| February 18, 2010 | 10:10am
Welcome to "Nothing Not New," a yearlong project in which New Times editorial operations manager Jay Bennett, a 40-year-old music fan and musician, will listen only to music released in 2010. Each Monday through Friday, he will listen to one new record (no best ofs, reissues, or concert recordings) and write about it. Why? Because in the words of his editor, Martin Cizmar, he suffers from "aesthetic atrophy," a wasting away of one's ability to embrace new and different music as one ages. Read more about this all-too-common ailment here.
Title: Falling Down a Mountain
Release date: February 16, 2010
Hey, check it out, everybody: I wrote the music feature
in this week's print edition of New Times
. It's about this project, it's got a cool illustration by NT
art director Peter Storch, and it contains a challenge to you, the reader.
It's a been a week of underwhelming music -- not in terms of quality, but certainly in terms of adrenaline. I need a jolt of musical excitement. Even hearing the new Tindersticks, a band I consider capable of making excellent music and whose new record, Falling Down a Mountain, is definitely good, didn't deliver that jolt.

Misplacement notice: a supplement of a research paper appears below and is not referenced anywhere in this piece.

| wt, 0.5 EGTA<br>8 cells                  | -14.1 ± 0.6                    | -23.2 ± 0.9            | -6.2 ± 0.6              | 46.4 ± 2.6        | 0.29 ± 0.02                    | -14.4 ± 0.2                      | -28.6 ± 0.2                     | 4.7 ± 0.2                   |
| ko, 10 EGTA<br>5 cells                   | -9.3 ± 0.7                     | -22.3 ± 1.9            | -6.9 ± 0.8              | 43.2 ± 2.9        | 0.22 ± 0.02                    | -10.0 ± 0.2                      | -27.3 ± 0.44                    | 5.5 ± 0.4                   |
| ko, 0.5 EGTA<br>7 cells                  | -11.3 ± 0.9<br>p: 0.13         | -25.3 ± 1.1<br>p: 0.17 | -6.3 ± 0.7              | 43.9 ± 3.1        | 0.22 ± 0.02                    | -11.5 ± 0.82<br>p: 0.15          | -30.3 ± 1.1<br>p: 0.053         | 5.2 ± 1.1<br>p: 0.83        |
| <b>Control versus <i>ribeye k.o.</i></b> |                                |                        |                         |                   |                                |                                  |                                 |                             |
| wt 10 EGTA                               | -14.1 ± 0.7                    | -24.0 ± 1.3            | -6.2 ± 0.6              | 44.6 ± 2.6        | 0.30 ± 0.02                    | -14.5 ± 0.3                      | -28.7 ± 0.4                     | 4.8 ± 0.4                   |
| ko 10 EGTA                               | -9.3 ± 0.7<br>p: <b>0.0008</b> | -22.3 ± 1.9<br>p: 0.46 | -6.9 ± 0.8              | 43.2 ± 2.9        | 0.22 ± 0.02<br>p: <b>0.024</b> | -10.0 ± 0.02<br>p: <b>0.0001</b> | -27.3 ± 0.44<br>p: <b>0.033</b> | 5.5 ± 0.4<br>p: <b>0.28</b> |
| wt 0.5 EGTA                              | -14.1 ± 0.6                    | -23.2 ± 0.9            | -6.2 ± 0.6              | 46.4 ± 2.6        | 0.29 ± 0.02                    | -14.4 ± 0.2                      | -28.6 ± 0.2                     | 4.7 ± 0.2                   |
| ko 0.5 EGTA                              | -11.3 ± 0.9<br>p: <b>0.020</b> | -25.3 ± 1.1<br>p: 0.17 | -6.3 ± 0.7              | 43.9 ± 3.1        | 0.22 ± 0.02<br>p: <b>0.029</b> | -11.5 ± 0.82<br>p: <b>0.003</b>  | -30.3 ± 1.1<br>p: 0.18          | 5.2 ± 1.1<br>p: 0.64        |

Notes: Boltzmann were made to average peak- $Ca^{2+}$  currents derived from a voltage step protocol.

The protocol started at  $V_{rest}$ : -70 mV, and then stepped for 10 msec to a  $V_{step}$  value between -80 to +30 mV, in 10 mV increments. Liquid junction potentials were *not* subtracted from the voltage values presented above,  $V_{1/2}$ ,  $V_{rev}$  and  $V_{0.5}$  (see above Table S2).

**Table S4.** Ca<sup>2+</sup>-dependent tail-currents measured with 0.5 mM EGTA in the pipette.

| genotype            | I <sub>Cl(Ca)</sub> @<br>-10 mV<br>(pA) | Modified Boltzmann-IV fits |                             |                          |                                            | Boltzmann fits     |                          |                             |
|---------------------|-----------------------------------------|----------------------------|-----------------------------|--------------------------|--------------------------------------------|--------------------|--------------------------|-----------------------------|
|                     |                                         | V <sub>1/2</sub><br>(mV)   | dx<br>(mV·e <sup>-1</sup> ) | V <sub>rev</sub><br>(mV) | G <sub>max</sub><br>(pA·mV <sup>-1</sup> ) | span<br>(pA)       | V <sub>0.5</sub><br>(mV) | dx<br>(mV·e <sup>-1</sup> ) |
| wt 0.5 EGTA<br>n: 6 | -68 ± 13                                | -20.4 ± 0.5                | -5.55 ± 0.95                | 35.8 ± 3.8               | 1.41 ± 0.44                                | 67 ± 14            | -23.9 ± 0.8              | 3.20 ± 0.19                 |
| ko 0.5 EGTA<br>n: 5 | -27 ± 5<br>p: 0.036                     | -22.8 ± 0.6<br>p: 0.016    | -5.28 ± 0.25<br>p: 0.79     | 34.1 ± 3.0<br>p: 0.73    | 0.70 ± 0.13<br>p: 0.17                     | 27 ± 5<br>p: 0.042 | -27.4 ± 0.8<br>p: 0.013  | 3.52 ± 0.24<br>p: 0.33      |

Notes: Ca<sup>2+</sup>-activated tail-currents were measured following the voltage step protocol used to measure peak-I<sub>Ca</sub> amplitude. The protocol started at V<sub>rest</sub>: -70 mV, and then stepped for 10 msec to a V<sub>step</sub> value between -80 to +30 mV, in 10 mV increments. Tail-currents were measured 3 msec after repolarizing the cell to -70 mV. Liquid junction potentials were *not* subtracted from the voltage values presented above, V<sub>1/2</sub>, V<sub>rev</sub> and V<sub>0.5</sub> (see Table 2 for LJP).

Maybe it's the list of new releases I'm working from. I retrieved the list from Pitchfork.com, probably the biggest tastemaker in indie rock. But, really, when you look at the bands on the PItchfork list, how much rock to do you really see? Sure, there are a handful of acts that rock: Priestess, Los Campesinos!, Soft Pack, Pierced Arrows, a couple more. But there's a lot of cuddly pop, folky singer-songwriter stuff, and electronic music on the list, some of it very good.
If you've got some suggestions for real rock 'n' roll released in 2010, let me hear 'em. Because, like I said, I need a shot of rock.
One band that does not really rock but is nothing short of excellent is Tindersticks. Coming off as a bunch of high-brow, pop-music intellectuals, Tindersticks takes a canvas of American rock-and-soul idioms and paints over it with a decidedly European and eclectic colors. And it works to great effect, from the opening track's straightened-out "Papa Was a Rolling Stone" feel to Motown-via-Oxford pop of "Harmony Around My Table" to the Stones-meets-VU swagger of "Black Smoke."
Best song: The aforementioned "Black Smoke" and "No Place So Alone," in which the singer describes a too-cool house guest as "whiskeying up my air." Great.
Deja vu: The last record you play while drunkenly picking up the house after the last guest has left your party.
I'd rather listen to: In 2010? Not much else.
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